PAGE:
On Jan. 20, Garrett Therolf, a former Times journalist who produced the series, and Matt Hamilton, a Pulitzer Prize-winning reporter, will join the latest Ask a Reporter forum.

Therolf and Hamilton will examine what’s ahead as the county’s child welfare agencies undergo major scrutiny and leadership changes in 2022. Guests include County of Los Angeles Board of Supervisors Chair Holly J. Mitchell.

The virtual forum will begin livestreaming at 7 p.m. Sign up on Eventbrite to join the discussion.

An "Ask a Reporter" graphic with two men pictured.
Garrett Therolf, top, and Matt Hamilton
(Los Angeles Times)

Keep reading

What L.A. is reading: Two of our book club picks —“The Vanishing Half” by Brit Bennett and “A Promised Land” by former President Barack Obama — were among the most popular books with Los Angeles Public Library readers during 2021. Browse the library’s full list. Then revisit Michelle Rafter’s guide on how to use library apps to read for free.

Mapping fiction: The geographies of fictional worlds created by authors Octavia E. Butler, Jack London, Christopher Isherwood, James Joyce, Lewis Carroll, Robert Louis Stevenson and J.R.R. Tolkien are explored in a new exhibit at the Huntington Library. The “Mapping Fiction” project focuses on novels and maps from the 16th through the 20th centuries and will be on view until May 2. Highlights include Butler’s hand-drawn maps from notes for “Parable of the Talents” and the Pasadena science fiction writer’s unpublished novel, “Parable of the Trickster.”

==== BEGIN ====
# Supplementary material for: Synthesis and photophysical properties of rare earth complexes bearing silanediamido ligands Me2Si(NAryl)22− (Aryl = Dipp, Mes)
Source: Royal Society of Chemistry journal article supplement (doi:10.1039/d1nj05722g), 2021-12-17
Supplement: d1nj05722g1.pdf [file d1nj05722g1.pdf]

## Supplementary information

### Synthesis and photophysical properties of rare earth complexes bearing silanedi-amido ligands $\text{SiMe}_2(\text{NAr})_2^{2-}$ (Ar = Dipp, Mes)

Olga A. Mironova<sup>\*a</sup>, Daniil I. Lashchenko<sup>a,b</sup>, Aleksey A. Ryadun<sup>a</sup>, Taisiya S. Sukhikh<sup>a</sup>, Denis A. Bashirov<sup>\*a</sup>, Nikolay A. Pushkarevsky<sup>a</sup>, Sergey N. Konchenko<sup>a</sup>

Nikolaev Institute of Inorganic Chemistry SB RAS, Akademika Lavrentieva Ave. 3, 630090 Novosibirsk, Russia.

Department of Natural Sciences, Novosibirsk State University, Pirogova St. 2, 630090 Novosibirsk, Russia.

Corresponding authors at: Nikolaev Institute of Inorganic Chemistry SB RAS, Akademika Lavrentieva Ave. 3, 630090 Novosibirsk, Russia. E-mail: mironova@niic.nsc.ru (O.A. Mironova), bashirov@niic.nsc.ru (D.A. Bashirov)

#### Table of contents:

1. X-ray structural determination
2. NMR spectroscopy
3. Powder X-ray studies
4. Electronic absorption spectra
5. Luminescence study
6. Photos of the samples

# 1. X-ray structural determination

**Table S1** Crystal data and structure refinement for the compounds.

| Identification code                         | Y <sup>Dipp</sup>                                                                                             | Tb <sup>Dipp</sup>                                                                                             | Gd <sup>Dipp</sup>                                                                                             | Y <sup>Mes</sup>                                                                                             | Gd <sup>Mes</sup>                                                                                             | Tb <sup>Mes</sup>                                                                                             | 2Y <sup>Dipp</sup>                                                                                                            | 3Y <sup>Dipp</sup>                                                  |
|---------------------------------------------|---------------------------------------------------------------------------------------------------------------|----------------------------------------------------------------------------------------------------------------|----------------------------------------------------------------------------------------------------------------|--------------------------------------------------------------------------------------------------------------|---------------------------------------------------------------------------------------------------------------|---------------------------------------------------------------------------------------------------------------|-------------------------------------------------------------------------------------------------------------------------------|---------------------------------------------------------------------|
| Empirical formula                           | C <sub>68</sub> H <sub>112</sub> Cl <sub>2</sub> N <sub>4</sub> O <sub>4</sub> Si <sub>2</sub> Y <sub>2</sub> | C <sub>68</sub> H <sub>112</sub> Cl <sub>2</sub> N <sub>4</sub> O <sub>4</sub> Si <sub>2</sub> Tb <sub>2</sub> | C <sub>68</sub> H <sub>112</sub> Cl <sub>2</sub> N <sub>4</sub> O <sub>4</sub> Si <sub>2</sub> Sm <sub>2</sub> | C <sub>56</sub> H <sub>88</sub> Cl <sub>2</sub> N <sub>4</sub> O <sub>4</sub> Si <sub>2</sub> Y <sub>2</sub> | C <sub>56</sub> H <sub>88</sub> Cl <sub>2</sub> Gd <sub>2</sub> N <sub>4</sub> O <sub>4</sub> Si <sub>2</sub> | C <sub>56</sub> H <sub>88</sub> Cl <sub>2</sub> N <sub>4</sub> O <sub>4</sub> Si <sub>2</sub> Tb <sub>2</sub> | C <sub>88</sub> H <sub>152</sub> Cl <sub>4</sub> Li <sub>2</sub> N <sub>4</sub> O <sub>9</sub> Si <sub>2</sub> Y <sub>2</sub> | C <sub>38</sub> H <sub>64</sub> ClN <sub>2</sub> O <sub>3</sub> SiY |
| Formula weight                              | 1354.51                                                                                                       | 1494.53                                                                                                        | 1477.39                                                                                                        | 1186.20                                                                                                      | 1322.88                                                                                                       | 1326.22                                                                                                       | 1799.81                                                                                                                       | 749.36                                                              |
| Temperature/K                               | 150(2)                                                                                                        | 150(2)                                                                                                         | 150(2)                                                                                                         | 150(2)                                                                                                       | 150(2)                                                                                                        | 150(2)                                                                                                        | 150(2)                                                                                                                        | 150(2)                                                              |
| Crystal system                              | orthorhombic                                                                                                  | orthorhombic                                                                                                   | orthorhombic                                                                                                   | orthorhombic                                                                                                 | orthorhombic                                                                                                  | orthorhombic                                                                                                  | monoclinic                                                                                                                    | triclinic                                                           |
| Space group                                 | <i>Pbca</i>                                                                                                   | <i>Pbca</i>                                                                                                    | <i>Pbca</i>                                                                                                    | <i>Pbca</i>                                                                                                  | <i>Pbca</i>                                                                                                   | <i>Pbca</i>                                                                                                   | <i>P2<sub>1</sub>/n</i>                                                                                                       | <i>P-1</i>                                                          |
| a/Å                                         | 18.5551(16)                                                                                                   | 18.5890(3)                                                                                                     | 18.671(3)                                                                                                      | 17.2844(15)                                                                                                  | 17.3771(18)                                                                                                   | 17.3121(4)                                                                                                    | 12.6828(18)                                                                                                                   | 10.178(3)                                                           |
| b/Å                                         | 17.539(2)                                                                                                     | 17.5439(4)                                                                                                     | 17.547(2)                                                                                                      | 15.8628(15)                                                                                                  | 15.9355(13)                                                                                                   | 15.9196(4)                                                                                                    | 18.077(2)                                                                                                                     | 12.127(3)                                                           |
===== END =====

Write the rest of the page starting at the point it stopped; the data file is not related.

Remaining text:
Literary tart: Gabriel San Roman previews Citric Acid, a new online journal focused on Orange County and its writers. “The future is unwritten,” says founder Andrew Tonkovich, who co-edited “Orange County: A Literary Field Guide” in 2017. “The resources are limited, but the imagination is robust.”

From book to screen: Columnist Mary McNamara and TV editor Matt Brennan debate the merits of the series based on Emily St. John Mandel’s bestselling novel, “Station Eleven,” one of our early pandemic reads. McNamara observes, “It quickly became obvious, from the running references to Shakespeare and the (fictional) graphic novel ‘Station Eleven,’ that this story was not about how to survive a pandemic. It was about how art and culture can help people, and civilization, survive complete catastrophe.”

Laguna revisited: Laguna Beach was a trip in the ’60s. So is T. Jefferson Parker’s hallucinatory new thriller, “A Thousand Steps,” says reviewer Paula L. Woods.

January books: Here are 10 new books to add to your reading list this month, including “Olga Dies Dreaming” by Xochitl Gonzalez and “Thank You, Mr. Nixon” by Gish Jen.

First in a series: Writer and poet Maya Angelou now appears on a U.S. quarter. The news reminded editor Steve Padilla of this Paris Review Q&A with her about word craft. Among his favorite quotes: “Of course, there are those critics — New York critics as a rule — who say, Well, Maya Angelou has a new book out and of course it’s good but then she’s a natural writer. Those are the ones I want to grab by the throat and wrestle to the floor because it takes me forever to get it to sing. I work at the language.”

Last word: “Let us not return to what was normal, but reach toward what is next.” L.A.’s Amanda Gorman writes in a new poem, “New Day’s Lyric.”